I need a few minutes hanging onto the side of the dinghy just figuring out where all the various hoses are floating around me and trying to calm down.  Peter does a great job at this juncture setting my mind at ease by tucking my pressure gauge/depth meter inside my vest so I can reach it easily, clipping on my back-up mouthpiece so it doesn’t float too far away from my grasp and doing his famous Robert DiNero “I’m Watching You” impression as we deflate our buoyancy vests and descend gently under the surface of the water. 

The first few times we dived, I held on so tightly to his hand, he had no circulation left by the time we surfaced.  I’m much better now and we can swim on our own for quite awhile – me in front and usually in 30-50 feet of water.  He follows closely behind but occasionally diving down to 60-65 feet to examine something more closely. These underwater shots of us and the fish were taken by our friend Wendy Squirrell from Cop Out who was on a dive with us.

Once I’m down-below it really IS another world and, as I feel myself relaxing and taking it slowly,  I want to break into my best Ariel impersonation and start singing “Under the Sea” from The Little Mermaid!  But, then again, singing isn’t really an option with a mouthpiece…

Although I DID figure out recently that you can COUGH when you are diving which, for months, I tried to suppress!  Why didn’t they tell me in Scuba School that it was OK to cough?  I was sure that I’d blow my mouthpiece off!  All that time, I kept swallowing the urge to cough and my throat got scratchier and scratchier until I finally realized (with just a tiny little “ahem”) that it was perfectly fine to clear my throat!  Well, that’s me, learning to live on the wildside!

Speaking of wildlife…we’ve seen the most beautiful marine creatures imaginable…moray eels in their caves, manta rays with their broad, graceful fins, beautiful parrot fish munching algae along the reef and little clown fish hiding amongst the coral.  Angel fish, trumpet fish and all sorts of wrasse along with the occasional turtle or a black tipped shark!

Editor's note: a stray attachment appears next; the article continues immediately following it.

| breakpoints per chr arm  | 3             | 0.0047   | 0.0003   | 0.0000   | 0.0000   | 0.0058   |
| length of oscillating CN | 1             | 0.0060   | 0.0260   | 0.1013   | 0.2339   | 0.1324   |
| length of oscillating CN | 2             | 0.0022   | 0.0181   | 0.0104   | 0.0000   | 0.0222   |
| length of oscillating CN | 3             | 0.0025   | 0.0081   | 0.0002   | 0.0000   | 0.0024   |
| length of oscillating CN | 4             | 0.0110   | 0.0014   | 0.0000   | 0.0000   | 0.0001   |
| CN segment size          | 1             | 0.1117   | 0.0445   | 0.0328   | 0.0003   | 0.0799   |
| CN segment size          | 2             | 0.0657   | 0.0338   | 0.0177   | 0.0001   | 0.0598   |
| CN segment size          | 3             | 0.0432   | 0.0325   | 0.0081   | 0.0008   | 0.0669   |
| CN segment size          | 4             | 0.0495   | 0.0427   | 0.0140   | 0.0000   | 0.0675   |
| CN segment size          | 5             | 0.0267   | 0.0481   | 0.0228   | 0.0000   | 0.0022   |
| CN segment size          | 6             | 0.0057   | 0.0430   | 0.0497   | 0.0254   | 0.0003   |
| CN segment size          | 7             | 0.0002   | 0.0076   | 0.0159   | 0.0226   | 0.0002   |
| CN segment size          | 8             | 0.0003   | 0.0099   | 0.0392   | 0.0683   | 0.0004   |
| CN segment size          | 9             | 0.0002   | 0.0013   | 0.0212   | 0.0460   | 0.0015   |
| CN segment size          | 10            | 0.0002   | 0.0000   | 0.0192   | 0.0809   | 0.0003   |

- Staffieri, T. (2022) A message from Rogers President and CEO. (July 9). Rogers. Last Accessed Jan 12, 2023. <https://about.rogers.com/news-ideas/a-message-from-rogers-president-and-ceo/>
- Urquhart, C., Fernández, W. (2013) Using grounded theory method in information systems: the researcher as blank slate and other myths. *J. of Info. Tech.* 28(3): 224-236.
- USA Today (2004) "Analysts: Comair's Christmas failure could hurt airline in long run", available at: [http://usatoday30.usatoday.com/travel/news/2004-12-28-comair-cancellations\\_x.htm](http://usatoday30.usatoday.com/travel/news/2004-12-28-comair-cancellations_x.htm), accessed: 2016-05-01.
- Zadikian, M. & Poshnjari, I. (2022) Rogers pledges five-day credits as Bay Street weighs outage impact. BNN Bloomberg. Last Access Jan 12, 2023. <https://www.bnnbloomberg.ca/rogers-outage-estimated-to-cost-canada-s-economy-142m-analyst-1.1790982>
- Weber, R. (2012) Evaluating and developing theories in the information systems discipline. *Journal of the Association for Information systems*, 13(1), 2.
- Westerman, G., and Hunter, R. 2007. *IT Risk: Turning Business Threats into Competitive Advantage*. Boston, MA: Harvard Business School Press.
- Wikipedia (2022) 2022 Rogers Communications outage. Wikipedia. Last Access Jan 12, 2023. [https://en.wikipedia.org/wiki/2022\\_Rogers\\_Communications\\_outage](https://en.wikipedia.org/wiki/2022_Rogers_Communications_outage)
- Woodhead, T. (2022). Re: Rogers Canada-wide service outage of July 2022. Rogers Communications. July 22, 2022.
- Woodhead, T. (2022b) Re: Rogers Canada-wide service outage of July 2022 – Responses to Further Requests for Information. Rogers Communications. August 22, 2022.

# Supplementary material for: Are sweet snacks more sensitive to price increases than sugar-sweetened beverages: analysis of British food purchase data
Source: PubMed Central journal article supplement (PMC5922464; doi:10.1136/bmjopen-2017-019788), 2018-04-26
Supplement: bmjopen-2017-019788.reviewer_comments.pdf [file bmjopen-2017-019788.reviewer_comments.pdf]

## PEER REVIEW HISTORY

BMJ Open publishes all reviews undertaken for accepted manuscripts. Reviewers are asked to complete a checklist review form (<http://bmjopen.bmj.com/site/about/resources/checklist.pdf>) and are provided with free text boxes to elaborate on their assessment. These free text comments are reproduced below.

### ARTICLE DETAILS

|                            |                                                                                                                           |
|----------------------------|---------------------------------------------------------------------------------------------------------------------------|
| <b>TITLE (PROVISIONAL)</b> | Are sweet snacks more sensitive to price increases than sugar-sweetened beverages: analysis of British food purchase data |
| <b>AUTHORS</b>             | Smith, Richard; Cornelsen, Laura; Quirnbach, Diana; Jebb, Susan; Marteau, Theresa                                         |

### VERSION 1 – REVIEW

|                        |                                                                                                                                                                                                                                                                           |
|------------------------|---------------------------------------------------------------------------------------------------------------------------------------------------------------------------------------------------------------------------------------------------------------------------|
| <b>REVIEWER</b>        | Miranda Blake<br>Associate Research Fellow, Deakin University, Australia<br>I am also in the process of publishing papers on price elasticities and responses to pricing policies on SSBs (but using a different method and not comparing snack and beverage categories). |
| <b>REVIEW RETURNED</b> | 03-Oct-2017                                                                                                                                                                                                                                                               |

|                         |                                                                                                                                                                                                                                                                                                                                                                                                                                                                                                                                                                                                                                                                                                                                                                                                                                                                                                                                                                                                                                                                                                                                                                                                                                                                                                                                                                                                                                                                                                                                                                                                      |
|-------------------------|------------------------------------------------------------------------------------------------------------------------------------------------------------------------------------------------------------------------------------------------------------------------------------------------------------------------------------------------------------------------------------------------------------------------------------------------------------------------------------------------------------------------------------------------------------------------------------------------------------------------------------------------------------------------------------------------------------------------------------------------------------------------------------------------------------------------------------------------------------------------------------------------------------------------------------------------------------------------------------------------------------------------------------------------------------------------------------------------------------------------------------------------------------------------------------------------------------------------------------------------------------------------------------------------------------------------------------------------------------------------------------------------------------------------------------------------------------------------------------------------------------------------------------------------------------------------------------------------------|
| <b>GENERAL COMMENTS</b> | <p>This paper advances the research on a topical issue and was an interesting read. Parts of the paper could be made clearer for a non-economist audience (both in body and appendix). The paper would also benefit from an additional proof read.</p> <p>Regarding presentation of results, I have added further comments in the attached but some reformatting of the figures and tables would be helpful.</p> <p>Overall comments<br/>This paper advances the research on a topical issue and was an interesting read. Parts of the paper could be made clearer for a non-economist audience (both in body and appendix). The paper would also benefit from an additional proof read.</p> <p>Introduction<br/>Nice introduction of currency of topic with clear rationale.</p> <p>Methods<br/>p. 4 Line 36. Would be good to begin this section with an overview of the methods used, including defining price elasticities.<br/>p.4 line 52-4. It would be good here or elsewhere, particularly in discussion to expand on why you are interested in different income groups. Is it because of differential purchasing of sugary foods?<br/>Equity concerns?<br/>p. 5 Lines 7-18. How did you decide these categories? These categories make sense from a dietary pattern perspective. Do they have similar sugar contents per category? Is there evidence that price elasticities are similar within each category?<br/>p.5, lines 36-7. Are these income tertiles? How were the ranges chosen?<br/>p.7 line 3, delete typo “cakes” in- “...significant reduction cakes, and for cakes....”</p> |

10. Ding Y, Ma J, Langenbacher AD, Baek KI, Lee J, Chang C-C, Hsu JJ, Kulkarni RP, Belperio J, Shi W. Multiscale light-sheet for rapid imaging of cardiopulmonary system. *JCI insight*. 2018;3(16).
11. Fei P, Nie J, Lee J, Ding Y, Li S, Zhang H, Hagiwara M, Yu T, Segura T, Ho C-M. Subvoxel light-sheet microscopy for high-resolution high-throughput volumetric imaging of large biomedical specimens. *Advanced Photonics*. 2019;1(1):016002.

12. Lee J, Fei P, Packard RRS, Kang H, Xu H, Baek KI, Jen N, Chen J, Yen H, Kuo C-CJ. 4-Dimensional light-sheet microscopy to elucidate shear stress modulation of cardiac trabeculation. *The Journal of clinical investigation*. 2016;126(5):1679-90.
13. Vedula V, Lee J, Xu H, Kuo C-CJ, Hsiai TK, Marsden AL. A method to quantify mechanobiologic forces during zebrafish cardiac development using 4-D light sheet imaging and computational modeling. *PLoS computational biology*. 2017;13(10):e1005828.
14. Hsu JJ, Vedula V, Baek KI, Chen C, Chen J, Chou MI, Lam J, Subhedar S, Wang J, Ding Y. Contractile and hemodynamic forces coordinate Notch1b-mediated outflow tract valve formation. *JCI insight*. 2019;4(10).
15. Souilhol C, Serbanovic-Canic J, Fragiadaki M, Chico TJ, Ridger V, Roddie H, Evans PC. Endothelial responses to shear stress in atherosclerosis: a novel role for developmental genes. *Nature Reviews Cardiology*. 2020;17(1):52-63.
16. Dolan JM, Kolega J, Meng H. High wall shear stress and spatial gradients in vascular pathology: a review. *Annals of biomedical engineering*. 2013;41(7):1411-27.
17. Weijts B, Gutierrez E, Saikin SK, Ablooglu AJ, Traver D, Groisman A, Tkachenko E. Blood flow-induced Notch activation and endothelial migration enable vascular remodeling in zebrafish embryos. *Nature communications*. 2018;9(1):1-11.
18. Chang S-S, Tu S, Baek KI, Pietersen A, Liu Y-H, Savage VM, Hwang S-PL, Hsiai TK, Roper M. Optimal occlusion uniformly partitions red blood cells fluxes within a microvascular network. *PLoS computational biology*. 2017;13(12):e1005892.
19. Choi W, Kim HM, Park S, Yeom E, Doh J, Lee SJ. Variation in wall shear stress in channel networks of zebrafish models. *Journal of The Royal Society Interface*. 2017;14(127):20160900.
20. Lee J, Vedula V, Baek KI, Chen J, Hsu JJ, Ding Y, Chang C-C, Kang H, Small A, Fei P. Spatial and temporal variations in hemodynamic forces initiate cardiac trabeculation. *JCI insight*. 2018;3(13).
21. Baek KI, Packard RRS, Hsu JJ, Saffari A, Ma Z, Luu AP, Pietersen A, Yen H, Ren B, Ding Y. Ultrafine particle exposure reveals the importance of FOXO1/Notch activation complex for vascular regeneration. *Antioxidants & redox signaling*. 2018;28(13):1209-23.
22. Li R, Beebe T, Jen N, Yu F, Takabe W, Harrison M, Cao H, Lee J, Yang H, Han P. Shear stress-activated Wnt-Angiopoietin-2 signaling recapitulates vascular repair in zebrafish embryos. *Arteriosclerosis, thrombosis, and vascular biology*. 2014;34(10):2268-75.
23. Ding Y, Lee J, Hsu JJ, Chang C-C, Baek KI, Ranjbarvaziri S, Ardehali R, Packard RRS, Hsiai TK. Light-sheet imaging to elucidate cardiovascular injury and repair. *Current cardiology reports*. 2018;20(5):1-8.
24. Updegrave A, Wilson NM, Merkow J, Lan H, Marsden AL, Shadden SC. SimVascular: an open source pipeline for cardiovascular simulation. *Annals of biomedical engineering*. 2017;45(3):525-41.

Our friend, Jo from Brother Wind had a TOO-Close-Encounter with a mother shark the other day while snorkeling when she inadvertently got in-between the mom and her baby!  The mother made what Jo considered a not-so-friendly frontal approach and Jo pretty much “walked on water” back to her boat.  Luckily, the mother didn’t pursue the matter further and this was a good lesson for all of us whether snorkeling or diving.  Make sure you are aware of your surroundings and remember that mothers around the world AND under the sea will stop at nothing to protect their children!
Black tip shark, Redang, Malaysia.jpg

On the other hand, we see examples of how the family of man is NOT protecting the environment all the time in our scuba safaris.  Floating debris on top of and beneath the surface of the water is killing marine life at an alarming rate.  Plastics, mistaken for food, or inadvertently, tangled in the fins, body or feet of fish or mammals lead to agonizingly slow deaths.

What’s more, illegal or unregulated fishing techniques and/or chemical run-off are killing off the reefs.  Please…do what you can to protect our marine environment!  Write your Congressman!  Donate your time or money to “Save the Planet!”  It’s a slogan that is more urgent now than it was back in the 70’s when we first cut our teeth on “going green.”  If we don’t watch out, it will be going, going, gone…

Anyway, I just thought you’d like to see one of our favorite activities while living aboard Peregrina.  It’s something that I feel very proud of considering my initial fears and it’s one of the nicest ways that Peter and I can spend time together exploring the amazing world beneath the surface of the ocean.